The avalanche route through the upper gorge. (Photo courtesy of Jeffrey Kargel, University of Arizona.)

Speculation was now focused toward the gorge. Could something have blocked it?  Well corroborated resident eyewitnesses interviewed by our team indicated that one to three weeks prior to the disaster, the Seti River had slowed to a mere trickle of clean water, unlike the usual turbid, sediment-laden “glacial milk.” (Seti means white, so it is the White River.)  These various observations and ideas had already started to coalesce when my assistant, Greg Leonard, observed a speck of change that had occurred in “before” and “after” ASTER satellite images.  We had a specific spot to look for a rockfall into the gorge.  Then looking at our helicopter-borne photography, we found it. It was indeed a fresh rockfall straight into the gorge, right at a place from which it appeared a backed-up reservoir had issued a flood. Furthermore, Greg showed that the gorge had experienced many smaller rockfalls or other erosional events over the previous decade, but this bigger one seemed to be fresh. The gorge now seemed the likeliest culprit, but at first it seemed difficult to comprehend how much water could be stored in the gorge behind a rockslide dam.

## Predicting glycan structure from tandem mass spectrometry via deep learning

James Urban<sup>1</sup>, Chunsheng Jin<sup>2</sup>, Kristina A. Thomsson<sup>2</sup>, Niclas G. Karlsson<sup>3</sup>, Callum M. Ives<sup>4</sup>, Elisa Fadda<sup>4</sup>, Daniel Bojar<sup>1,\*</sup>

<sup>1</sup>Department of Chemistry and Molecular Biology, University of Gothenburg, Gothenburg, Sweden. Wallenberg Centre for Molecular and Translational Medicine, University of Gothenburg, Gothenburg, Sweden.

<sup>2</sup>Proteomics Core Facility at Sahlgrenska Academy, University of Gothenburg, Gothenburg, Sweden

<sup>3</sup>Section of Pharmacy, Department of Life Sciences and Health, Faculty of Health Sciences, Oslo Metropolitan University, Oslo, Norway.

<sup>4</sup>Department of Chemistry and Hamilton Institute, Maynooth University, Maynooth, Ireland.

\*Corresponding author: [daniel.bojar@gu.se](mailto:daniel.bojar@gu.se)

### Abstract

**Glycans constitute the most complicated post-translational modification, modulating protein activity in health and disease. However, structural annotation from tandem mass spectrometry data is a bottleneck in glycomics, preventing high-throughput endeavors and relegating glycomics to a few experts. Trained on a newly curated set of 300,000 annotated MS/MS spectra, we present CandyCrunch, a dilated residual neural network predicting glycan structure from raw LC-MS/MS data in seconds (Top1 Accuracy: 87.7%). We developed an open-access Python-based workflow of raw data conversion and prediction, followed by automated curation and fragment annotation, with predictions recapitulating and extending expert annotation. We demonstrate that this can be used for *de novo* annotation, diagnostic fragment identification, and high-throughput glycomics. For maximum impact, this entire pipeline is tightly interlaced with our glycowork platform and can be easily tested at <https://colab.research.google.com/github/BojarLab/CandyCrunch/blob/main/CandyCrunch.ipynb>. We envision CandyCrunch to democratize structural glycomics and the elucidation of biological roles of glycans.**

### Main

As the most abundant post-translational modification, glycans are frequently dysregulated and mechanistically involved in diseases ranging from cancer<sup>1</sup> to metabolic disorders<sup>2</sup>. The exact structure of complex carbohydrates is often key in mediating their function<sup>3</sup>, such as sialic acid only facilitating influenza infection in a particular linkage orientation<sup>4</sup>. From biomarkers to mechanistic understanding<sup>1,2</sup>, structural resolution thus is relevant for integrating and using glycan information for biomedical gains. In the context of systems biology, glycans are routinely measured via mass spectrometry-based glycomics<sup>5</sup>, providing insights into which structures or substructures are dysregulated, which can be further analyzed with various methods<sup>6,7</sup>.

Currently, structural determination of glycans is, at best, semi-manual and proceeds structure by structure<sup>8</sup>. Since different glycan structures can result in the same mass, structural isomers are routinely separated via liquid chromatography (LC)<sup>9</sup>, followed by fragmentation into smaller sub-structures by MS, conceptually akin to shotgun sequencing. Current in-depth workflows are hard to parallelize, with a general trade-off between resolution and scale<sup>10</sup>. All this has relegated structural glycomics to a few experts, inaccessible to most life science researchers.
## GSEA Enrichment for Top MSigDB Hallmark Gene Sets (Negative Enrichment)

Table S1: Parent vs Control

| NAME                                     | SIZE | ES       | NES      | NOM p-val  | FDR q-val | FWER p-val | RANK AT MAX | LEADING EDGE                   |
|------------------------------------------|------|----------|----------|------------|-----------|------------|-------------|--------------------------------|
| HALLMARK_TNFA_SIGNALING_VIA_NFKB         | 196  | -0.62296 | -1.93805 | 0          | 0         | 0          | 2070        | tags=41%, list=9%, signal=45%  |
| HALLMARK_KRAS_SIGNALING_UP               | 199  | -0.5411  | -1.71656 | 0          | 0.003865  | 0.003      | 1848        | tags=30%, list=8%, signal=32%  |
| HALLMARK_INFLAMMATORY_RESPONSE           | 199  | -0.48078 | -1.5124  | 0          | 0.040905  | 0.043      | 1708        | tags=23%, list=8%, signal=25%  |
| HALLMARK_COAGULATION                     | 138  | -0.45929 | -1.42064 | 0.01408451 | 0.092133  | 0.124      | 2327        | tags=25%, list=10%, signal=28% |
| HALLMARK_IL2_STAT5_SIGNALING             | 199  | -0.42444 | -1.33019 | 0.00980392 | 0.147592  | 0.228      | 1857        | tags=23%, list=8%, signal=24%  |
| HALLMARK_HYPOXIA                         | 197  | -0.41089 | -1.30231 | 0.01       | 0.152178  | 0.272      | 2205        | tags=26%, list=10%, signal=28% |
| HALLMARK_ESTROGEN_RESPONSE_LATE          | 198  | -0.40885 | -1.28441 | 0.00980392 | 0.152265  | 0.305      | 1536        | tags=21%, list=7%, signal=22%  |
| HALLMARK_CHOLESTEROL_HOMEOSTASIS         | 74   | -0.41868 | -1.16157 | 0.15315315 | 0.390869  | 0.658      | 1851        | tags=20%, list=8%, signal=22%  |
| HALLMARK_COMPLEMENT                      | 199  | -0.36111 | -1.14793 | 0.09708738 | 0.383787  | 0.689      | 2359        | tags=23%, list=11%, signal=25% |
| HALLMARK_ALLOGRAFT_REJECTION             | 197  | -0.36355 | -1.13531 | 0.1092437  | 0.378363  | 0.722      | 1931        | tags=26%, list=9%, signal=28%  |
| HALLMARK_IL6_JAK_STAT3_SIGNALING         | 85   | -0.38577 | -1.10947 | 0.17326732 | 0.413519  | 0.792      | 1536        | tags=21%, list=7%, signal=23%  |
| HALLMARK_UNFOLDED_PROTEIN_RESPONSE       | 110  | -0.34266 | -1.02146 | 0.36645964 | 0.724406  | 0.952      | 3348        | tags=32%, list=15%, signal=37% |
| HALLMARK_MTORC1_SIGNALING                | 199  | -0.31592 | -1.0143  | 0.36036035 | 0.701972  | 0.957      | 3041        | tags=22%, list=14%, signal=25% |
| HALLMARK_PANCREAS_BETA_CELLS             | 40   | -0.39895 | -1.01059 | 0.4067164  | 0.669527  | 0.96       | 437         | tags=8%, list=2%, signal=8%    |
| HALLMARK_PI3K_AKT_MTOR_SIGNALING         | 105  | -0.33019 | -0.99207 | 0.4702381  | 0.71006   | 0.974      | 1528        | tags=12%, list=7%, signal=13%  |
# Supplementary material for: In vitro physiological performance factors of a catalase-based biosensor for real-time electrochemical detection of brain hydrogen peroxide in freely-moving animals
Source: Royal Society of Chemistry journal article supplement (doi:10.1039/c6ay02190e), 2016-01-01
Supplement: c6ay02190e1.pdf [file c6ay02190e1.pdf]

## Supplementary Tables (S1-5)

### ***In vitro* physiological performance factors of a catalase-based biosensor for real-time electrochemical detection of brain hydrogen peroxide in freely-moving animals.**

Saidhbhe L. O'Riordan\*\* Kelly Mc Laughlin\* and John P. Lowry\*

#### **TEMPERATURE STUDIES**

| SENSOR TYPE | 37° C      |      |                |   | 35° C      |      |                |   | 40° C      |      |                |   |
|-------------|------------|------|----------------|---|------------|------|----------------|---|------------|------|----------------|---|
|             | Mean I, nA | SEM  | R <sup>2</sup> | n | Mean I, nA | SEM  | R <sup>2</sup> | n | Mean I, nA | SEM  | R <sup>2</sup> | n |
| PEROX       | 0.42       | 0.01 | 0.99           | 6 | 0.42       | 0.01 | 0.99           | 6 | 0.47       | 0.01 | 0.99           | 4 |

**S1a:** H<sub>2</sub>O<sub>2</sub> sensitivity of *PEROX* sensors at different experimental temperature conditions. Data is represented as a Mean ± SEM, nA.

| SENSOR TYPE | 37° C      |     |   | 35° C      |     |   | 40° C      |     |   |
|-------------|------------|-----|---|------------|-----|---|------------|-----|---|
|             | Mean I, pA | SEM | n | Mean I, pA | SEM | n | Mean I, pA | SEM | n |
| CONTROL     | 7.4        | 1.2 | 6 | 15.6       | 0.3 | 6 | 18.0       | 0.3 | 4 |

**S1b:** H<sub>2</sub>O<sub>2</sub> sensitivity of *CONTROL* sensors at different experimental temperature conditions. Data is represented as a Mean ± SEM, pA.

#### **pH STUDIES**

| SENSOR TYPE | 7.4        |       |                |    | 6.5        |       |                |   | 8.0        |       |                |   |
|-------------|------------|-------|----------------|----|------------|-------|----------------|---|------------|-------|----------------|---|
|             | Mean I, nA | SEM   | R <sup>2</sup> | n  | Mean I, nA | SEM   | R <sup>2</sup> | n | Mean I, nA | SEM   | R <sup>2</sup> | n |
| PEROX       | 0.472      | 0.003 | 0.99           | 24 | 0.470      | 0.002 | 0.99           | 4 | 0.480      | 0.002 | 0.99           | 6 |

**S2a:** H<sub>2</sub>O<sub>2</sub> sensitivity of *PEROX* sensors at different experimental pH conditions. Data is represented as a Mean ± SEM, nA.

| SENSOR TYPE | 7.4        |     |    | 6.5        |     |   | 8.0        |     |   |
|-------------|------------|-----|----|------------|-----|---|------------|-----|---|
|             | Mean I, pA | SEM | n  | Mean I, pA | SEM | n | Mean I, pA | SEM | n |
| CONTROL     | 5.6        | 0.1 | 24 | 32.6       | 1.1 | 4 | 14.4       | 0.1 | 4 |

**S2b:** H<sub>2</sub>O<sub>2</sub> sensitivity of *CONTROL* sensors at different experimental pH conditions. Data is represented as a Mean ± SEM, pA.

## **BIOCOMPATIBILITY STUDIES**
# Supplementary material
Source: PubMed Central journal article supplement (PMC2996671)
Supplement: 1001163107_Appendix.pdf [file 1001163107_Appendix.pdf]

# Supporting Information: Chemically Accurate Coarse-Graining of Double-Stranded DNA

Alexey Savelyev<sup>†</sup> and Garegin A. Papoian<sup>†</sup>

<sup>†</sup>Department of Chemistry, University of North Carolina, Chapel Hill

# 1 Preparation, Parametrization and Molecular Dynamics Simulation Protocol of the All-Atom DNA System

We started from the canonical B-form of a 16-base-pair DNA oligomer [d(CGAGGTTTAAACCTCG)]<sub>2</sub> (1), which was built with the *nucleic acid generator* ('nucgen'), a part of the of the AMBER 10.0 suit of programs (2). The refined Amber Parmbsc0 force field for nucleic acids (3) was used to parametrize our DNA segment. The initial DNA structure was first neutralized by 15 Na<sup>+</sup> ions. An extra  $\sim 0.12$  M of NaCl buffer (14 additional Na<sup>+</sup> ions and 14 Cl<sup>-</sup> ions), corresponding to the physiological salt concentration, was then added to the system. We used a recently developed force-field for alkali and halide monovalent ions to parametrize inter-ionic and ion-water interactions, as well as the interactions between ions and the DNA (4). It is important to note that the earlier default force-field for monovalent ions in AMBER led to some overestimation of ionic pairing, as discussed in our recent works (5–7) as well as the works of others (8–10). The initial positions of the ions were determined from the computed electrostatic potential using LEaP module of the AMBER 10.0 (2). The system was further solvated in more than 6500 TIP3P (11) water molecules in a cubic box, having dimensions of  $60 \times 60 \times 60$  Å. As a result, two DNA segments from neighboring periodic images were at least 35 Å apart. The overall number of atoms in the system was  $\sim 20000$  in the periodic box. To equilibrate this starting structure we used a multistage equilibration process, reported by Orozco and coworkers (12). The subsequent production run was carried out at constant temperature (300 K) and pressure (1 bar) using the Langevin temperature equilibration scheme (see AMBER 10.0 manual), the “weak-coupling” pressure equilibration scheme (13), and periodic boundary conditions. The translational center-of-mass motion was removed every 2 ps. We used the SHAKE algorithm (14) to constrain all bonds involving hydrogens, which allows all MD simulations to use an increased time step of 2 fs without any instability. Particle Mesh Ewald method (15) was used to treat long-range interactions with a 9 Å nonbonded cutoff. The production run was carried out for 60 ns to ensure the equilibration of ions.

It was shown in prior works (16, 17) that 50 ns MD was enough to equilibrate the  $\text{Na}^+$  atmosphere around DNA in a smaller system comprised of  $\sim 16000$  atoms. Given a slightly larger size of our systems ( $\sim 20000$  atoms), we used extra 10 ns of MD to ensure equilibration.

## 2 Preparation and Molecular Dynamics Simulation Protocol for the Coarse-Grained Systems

Flattened forest blown down by the avalanche winds. (Photo courtesy of Jeffrey Kargel, University of Arizona.)

In the days after the disaster, I examined amateur video of the event taken from Pokhara, a couple dozen kilometers downstream from the gorge. I watched as the flood reached Pokhara and as floating trees trunks poured over a dam. It provided the first best opportunity to measure the speed of the floodwaters and its depth and width, and thus measure the volume rate of flow and estimate the total flood volume. The flood came in waves, and the first wave alone was around a quarter of a million cubic meters in just a few minutes. There were about 27 waves in all over the next hours, according to eyewitnesses, so several million cubic meters overall.